Fr. Ignatius turned his head a bit and smiled, and then he looked at John and said, “Can I ask you a question: What is it that you do?” John smiled back at the old Jesuit and responded, “I carry my cross.”  At that, John stood up and started walking toward the door, and the priest then asked one final question, “And why do you do that?” As John opened the door to leave, he smiled back at Fr. Ignatius and said, “Because He asked me to.”


As Sr. Benedicta finished he story about John and Fr. Ignatius, she looked out over the room and noticed that everyone was hanging on her every word.  She stood up and walked over to the pastor and stood above him and addressed the room again: “It never says in the Gospel if the master thanked the servant for the work he did either in the field, or serving the dinner. And so we could wonder if our master is grateful that we do what he asks. Is God grateful to you because you did what was commanded of you?  Well, He was so grateful, that he took all your worries, all your anxieties, all your sufferings, and all your sins upon himself.  And even what He did command us to do, He told us: you do not have to do it alone.  I am with you always, until the end of the world.  Do you believe that?  Well… Do you believe that? “Yes sister.” They hesitantly responded, like a class of frightened 5th graders.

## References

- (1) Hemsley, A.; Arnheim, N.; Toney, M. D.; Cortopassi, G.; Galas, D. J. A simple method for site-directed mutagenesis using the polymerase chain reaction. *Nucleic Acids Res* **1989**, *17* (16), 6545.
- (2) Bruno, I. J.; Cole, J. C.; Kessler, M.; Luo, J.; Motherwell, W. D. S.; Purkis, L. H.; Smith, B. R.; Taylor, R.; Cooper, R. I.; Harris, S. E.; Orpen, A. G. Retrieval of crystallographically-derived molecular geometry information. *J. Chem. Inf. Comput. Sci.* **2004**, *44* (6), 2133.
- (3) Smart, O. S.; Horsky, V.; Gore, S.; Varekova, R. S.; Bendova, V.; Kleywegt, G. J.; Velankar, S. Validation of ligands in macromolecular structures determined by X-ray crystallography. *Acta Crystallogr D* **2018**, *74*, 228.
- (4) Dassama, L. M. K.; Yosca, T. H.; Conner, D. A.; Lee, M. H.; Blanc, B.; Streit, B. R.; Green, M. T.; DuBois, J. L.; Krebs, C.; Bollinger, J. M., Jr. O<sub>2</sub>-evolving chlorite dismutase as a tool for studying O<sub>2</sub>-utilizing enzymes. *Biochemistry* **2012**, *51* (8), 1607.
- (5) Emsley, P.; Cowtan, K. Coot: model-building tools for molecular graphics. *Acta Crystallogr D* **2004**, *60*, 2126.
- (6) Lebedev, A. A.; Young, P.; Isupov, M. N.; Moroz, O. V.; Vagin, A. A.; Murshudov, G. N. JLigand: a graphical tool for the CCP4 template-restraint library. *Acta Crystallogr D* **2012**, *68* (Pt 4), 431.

Sr. Benedicta gave a wry smile and asked, “Do you really believe that Christ called you to be His servant, that He gave each of you a cross of discipleship, and that He is going to help you carry that if you only trust in Him to do so?” She pushed her glasses down to the tip of her nose and peered out over them awaiting the response: “Well… ?” “Yes, sister.” They answered, as if it were a trained response.

Sister pushed them on: “When you look at the stewardship God has called you to do in your parish, and the crosses each of you bear with his aid and at his invitation; do you really have the faith to respond to our Lord and Master: We are unprofitable servants.  We have done what we were obliged to do? And what are you are obliged to do?  To carry your Cross!  And why do you do it?  Because He asked you to!  Because He has faith in you, faith that this little mustard seed, can produce the Kingdom of Heaven, right here at this church.  Do you have that faith?” With a sense of enthusiasm, the room answered together: “Yes, sister!”

“Good,” she answered, “because that is one very large Mulberry tree in the middle of your parish.”


By | October 6th, 2016|Categories: Father Mike|0 Comments
Michael Werkhoven
Michael WerkhovenPastor - Church of the Holy Spirit
Father Michael Werkhoven is a Catholic Priest at Catholic Diocese Of Memphis. He studied Theology at Kenrick–Glennon Seminary and went to St Ann School in Bartlett, Tennessee.